Eventually I emerged, but it was a while. And it was instructive: the current against which I fought so long it felt like all my life was like time against which we maintain a hold before it sweeps us down river. There was very little rest and I thought it was much like life. One is in it struggling and waiting to get out. I was sore for the next two days.
I watched the sun shining through the foliage and shining on the waters sometimes when I could rest (I have realized that even when one is most struggling, and perhaps especially then, the beauties of the world are poignant). The trees were tall overhead, and the waters of the river were not cold. It was a different place altogether, one to which I returned after some twenty years. I’d been in Colombian rivers when I was a kid and still have memories of that. I had been in a crystal clear Mexican river when I was 14, which experience made me forever eschew the swimming pool. Swimming pools are nice in hot weather, but I prefer a river or thermal waters. Now I’ve done both here.
Another of the great things of that trip was the landscape we traversed. We went through rice fields stretching bright green along the distances to the marching mountains. We saw some lower mountains out of which the river ran, round and almost forming bluffs. The clouds came and went that day so that we had blue sky and purple, dark horizons.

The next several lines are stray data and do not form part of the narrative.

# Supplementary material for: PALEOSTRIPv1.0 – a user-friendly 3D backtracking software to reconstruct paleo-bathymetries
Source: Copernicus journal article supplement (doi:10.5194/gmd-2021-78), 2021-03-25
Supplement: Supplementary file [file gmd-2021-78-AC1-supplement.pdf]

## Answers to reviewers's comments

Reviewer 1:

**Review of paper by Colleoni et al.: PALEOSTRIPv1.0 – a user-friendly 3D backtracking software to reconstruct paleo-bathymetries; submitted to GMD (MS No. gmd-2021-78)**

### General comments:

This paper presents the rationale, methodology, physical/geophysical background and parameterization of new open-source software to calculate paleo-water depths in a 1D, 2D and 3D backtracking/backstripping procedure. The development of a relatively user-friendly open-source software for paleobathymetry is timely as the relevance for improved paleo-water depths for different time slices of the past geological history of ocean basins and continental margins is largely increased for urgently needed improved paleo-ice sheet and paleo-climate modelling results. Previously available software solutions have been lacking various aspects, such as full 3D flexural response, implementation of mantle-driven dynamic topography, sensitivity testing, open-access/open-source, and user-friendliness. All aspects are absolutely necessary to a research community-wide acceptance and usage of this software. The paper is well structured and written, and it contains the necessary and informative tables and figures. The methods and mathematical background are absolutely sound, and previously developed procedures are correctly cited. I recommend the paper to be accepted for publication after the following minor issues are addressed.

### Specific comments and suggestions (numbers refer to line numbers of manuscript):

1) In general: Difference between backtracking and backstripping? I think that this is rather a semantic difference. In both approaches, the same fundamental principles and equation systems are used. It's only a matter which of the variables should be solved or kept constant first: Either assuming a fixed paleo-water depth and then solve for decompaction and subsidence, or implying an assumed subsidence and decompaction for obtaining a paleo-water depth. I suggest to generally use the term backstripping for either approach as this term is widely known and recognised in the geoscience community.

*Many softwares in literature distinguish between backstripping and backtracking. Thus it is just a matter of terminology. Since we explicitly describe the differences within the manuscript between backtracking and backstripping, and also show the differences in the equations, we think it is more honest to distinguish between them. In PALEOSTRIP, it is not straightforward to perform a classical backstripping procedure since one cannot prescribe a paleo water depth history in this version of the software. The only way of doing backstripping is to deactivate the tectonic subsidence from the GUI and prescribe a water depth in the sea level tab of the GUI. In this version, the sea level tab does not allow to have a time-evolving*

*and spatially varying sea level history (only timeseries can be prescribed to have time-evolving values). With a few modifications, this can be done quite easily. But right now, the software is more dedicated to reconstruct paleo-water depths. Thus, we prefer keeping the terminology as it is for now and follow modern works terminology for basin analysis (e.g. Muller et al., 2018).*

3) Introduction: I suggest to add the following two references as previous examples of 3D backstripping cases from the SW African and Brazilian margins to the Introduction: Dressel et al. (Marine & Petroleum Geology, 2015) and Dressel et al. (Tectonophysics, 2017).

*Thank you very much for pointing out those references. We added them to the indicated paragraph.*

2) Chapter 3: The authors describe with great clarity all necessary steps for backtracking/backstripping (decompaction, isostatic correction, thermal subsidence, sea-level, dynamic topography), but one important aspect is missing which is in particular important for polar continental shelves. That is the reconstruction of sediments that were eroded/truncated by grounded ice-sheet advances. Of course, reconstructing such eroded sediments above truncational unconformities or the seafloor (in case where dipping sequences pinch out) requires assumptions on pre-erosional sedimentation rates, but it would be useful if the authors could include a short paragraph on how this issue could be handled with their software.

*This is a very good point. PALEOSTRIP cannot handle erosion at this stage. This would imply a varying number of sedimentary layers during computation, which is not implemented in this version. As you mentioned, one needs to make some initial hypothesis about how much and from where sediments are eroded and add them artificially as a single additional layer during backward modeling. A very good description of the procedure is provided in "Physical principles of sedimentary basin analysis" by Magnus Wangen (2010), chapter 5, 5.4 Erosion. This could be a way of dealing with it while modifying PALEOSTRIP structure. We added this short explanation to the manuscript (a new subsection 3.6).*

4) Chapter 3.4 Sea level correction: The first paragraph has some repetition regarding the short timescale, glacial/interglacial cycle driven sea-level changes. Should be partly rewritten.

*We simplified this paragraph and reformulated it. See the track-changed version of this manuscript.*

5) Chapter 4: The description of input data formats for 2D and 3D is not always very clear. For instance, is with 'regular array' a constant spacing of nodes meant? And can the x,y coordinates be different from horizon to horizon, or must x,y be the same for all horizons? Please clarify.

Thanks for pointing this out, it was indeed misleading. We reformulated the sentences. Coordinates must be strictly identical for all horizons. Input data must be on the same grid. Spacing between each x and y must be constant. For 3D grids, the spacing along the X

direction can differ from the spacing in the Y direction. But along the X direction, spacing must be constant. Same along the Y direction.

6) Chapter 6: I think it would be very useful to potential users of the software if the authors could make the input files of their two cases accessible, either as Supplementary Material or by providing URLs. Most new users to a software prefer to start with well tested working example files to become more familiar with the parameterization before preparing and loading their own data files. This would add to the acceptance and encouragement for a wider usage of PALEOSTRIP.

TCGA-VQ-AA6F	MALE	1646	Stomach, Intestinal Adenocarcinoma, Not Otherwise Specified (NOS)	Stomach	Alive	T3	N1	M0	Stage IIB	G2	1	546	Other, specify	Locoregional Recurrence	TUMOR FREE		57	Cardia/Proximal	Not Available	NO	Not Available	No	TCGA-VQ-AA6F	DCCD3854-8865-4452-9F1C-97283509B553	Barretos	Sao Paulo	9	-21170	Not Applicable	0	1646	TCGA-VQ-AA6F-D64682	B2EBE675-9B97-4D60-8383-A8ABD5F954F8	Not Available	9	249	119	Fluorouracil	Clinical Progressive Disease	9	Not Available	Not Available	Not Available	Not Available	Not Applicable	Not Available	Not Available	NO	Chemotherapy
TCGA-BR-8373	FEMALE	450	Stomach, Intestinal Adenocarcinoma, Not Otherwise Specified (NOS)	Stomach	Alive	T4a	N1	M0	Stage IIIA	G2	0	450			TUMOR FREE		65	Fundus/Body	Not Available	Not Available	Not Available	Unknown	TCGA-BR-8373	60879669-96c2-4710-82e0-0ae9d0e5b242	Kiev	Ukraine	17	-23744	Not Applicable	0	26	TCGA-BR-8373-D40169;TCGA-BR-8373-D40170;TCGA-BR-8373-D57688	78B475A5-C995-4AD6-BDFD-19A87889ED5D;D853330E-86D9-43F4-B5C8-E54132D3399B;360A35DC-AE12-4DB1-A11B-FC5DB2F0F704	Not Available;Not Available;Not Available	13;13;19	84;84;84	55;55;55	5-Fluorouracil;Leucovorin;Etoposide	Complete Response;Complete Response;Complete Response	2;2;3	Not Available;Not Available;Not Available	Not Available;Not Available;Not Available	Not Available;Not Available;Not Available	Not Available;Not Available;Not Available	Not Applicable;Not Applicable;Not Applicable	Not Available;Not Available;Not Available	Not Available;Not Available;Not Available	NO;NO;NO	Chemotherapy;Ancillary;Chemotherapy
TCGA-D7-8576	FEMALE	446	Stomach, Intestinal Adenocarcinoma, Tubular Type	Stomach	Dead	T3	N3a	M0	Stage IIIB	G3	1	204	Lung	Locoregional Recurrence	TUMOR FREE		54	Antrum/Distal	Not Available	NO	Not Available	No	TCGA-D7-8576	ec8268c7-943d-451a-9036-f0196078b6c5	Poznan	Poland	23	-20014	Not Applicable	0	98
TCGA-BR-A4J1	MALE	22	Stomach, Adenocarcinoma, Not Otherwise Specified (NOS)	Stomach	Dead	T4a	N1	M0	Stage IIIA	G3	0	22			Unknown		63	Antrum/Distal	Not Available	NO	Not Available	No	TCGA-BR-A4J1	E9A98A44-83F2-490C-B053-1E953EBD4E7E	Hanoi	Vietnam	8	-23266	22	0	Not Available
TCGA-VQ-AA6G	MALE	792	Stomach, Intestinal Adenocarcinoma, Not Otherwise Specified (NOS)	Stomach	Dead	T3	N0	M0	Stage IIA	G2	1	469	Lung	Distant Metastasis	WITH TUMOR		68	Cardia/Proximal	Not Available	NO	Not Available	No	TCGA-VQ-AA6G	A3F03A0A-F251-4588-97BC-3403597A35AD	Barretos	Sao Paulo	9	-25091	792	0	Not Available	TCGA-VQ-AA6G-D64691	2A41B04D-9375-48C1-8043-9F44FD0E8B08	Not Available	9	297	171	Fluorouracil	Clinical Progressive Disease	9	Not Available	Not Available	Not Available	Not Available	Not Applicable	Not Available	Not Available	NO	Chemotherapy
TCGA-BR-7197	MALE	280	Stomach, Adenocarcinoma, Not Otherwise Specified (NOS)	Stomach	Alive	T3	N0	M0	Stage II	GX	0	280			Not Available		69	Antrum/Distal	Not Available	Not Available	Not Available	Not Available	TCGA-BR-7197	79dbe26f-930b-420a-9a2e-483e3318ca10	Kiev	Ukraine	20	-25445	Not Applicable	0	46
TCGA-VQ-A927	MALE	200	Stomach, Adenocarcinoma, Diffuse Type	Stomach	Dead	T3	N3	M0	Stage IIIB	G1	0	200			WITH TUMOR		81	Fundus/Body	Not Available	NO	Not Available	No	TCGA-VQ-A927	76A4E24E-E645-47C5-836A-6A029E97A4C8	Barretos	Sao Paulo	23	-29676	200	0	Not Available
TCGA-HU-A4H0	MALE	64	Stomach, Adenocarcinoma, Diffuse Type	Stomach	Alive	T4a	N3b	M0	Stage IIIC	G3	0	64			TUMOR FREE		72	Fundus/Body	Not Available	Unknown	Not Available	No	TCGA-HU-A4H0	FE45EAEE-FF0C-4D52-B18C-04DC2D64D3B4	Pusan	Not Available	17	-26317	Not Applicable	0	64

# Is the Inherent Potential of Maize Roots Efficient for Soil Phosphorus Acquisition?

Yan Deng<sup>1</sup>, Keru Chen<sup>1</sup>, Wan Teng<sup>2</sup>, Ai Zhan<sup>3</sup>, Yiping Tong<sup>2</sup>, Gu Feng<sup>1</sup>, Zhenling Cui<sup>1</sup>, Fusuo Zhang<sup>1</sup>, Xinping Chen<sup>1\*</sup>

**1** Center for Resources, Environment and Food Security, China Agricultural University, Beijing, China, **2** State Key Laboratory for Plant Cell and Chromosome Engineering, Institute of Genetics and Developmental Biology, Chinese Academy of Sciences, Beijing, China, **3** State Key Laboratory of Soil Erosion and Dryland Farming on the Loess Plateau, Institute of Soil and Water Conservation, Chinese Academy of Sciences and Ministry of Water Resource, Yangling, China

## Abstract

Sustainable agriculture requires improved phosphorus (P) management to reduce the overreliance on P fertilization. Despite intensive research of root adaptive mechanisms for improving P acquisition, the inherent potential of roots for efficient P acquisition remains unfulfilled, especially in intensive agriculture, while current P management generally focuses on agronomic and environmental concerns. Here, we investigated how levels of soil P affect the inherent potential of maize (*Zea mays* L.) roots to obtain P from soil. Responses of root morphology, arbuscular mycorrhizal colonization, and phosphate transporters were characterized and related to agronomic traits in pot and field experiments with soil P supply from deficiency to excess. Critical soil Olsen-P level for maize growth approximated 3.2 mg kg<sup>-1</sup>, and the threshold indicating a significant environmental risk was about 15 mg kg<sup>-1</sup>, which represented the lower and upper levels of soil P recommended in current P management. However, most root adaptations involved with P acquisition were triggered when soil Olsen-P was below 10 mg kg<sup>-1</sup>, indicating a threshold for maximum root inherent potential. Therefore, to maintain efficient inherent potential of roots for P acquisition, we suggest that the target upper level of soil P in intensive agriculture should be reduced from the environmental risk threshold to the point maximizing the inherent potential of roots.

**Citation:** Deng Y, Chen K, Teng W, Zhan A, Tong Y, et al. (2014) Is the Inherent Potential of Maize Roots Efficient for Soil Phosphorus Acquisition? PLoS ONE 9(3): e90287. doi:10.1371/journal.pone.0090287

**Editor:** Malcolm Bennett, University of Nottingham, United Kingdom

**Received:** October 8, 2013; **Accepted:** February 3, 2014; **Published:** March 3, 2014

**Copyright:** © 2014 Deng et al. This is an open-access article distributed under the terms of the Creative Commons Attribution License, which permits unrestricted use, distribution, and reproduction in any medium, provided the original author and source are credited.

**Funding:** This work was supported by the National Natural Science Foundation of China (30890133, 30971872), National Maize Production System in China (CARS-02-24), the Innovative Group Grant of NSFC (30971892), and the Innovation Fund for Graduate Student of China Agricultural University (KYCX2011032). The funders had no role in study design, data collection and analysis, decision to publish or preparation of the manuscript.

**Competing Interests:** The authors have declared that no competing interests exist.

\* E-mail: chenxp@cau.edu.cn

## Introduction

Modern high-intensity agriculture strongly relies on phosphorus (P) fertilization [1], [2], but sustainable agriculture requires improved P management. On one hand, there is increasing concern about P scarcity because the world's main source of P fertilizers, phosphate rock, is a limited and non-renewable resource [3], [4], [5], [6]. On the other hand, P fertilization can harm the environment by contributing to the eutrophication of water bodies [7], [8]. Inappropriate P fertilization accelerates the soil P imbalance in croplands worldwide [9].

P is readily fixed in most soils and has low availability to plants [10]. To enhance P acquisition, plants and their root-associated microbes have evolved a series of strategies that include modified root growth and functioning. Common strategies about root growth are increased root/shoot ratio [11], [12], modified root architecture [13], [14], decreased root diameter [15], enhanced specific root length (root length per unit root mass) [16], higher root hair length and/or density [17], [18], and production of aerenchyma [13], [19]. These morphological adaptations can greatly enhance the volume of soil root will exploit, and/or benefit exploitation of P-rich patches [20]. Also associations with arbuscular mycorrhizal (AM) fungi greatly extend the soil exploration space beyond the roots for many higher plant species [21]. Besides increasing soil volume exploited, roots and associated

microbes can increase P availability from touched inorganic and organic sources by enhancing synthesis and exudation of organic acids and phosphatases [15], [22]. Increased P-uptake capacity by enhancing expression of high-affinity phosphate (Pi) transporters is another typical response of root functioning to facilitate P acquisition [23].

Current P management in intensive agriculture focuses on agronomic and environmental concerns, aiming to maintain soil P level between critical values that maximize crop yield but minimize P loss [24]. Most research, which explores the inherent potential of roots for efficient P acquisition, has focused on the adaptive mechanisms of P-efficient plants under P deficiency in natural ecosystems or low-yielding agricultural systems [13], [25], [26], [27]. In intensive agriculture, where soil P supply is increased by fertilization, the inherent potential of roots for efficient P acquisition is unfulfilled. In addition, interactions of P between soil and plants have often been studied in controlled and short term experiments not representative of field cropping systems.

C In Which Spirit It Is Done
It is a peculiarly Colombian thing to do: the truck, lunch in a pot (it’s no different from the way our lunch was cooked over a wood fire every other day, but they also did coffee on the fire at the river and it had the taste of wood smoke), the disorder, the general expectations, the collaborative effort. Why—I wondered—do Colombians love so much to do things in a disorganized, haphazard way? And I think it is because they enjoy meeting the eventualities and triumphing over them spontaneously, besides the chaos in their minds. The best parts for them of that ride in the truck was when it hit a bump and shook everybody: they clutched, they grabbed the vital things, they maintained their place and they laughed. And everything was that way: where to build the fire, how, how to serve everybody, when to leave, who was where and what.
It is a great part of Colombia that they enjoy eventualities and seem to refuse to prepare for them because they like meeting them head on. It was this way in the bus terminal: they were very cheerful about there not being buses and the glory of finding one, or searching and asking and spying out an opportunity. They like not controlling everything. I believe our picnic was planned according to a great, vague idea that has been repeating itself for as long as they’ve had trucks to take them, and perhaps before in wagons. The splendid incarnation of the food, the swimming, the good time with their ingenuity and resourcefulness seemed to be the main pleasure. And it was, spontaneity and all.
They are resourceful people and impromptu is the mode of operation they most relish. It is not the only reason, but I left with the idea it is one of the great reasons this country is the way it is.